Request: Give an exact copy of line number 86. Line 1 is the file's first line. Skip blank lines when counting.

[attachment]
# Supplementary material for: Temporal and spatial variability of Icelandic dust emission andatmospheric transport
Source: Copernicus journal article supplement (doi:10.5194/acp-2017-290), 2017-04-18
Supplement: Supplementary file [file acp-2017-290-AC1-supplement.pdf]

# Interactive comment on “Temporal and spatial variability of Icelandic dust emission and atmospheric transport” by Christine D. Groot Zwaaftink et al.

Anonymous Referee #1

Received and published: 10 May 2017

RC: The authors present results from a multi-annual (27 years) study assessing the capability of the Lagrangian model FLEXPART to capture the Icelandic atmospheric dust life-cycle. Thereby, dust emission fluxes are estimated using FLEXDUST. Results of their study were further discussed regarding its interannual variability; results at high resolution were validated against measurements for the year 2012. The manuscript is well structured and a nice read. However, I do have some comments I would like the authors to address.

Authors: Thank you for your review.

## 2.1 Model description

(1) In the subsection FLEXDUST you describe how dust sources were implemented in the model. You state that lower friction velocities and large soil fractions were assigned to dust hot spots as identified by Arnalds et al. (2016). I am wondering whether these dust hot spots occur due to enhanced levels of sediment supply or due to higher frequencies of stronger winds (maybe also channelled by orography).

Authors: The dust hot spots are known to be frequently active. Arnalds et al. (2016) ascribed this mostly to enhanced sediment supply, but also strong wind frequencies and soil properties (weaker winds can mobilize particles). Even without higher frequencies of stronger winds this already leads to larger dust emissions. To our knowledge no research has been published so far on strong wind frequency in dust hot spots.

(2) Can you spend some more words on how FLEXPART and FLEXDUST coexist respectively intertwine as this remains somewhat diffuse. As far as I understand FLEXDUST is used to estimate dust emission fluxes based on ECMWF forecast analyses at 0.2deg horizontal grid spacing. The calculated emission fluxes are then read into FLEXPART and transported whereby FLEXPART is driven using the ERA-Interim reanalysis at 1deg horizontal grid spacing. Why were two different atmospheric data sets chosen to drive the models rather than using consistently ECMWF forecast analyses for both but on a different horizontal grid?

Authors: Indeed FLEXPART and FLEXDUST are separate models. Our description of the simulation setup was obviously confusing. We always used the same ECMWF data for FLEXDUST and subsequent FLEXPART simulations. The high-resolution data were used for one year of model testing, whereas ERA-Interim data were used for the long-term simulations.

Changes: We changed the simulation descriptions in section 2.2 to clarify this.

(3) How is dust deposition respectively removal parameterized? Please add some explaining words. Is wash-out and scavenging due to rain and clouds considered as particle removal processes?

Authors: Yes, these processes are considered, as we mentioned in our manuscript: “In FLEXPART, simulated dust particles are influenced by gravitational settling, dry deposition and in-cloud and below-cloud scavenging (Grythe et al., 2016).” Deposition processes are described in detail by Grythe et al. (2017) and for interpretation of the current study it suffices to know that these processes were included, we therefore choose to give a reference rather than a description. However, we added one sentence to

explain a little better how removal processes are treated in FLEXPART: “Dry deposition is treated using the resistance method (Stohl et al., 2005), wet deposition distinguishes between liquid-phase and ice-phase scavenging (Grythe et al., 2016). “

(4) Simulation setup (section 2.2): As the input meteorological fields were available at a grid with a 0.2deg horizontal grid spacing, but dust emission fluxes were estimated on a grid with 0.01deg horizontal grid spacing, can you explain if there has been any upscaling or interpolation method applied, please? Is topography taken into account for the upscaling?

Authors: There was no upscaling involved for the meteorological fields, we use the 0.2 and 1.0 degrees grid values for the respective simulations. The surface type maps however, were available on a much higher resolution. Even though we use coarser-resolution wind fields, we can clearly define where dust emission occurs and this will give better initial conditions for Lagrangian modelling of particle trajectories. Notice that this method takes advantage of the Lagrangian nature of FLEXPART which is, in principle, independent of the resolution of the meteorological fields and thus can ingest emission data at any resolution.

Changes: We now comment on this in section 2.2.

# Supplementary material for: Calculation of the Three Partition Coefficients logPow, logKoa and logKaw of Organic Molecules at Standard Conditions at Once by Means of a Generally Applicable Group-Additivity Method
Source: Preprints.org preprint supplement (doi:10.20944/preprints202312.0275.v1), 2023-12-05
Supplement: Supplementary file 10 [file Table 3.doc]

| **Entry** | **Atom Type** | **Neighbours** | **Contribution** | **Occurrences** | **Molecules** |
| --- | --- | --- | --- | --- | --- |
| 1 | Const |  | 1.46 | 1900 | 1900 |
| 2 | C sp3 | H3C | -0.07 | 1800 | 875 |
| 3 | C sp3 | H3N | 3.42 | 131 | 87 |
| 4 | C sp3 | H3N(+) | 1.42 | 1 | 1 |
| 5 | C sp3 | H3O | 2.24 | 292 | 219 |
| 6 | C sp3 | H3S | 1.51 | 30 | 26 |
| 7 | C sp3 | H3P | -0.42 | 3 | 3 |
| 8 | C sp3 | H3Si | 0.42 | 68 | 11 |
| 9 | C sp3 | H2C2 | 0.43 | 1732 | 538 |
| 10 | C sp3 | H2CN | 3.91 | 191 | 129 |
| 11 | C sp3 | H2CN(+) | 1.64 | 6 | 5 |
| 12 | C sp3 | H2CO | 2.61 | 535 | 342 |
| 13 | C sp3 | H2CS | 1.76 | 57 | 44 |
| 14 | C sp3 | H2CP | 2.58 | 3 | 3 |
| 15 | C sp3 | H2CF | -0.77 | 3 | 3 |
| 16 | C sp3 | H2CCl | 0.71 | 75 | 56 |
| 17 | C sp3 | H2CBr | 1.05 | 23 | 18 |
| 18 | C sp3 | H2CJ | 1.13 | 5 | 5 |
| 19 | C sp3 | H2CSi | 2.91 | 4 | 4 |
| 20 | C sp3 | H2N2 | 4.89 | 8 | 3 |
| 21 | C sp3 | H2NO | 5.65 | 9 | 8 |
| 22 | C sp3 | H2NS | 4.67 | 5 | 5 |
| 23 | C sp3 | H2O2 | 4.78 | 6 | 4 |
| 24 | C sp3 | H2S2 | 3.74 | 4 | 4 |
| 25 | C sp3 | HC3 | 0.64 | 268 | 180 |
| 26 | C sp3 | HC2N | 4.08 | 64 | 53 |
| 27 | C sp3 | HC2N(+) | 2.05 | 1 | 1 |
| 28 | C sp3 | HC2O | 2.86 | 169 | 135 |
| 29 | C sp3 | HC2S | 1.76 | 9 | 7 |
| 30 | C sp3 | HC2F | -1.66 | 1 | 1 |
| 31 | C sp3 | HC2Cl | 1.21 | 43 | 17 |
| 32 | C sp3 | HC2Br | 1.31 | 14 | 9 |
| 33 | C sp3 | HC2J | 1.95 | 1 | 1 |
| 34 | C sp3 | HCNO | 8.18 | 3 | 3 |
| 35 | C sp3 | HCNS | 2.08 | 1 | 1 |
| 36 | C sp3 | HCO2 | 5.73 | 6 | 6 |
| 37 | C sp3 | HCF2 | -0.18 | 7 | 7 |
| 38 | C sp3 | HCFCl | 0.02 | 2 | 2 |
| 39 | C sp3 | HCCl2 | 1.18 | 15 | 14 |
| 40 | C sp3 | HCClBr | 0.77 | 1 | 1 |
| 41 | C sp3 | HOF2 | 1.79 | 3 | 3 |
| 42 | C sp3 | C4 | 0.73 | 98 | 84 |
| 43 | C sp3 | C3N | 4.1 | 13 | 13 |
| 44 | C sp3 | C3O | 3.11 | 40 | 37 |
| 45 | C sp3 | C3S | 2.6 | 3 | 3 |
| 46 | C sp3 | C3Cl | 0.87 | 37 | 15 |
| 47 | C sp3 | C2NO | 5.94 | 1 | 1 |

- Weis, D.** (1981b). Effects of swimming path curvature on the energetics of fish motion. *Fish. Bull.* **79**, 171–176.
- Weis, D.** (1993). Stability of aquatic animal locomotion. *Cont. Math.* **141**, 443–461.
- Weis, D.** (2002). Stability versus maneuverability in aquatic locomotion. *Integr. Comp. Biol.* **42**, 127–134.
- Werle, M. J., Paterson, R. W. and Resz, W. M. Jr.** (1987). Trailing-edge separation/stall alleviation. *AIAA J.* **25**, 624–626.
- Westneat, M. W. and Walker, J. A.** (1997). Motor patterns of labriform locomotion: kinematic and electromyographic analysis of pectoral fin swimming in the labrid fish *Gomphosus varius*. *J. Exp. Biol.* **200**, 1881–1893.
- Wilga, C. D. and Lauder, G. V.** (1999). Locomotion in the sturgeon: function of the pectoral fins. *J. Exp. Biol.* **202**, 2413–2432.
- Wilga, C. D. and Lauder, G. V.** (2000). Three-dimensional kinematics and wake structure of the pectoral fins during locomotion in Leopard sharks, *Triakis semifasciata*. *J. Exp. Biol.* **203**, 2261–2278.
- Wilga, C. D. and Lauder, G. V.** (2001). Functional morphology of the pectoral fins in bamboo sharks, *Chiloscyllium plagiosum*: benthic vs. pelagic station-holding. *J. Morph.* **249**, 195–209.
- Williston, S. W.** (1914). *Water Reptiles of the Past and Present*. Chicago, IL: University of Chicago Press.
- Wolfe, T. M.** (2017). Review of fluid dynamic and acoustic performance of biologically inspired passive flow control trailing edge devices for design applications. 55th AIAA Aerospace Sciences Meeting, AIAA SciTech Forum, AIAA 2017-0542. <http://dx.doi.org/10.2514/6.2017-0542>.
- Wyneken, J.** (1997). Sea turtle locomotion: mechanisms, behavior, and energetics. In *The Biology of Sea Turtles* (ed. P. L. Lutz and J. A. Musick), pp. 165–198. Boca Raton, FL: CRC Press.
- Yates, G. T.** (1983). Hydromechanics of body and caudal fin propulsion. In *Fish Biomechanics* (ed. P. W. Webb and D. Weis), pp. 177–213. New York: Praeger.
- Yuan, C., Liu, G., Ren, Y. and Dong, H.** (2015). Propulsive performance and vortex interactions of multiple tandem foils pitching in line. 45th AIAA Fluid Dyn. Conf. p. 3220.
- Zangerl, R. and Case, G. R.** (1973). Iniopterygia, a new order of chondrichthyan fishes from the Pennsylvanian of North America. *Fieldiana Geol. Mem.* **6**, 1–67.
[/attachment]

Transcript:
- Zangerl, R. and Case, G. R.** (1973). Iniopterygia, a new order of chondrichthyan fishes from the Pennsylvanian of North America. *Fieldiana Geol. Mem.* **6**, 1–67.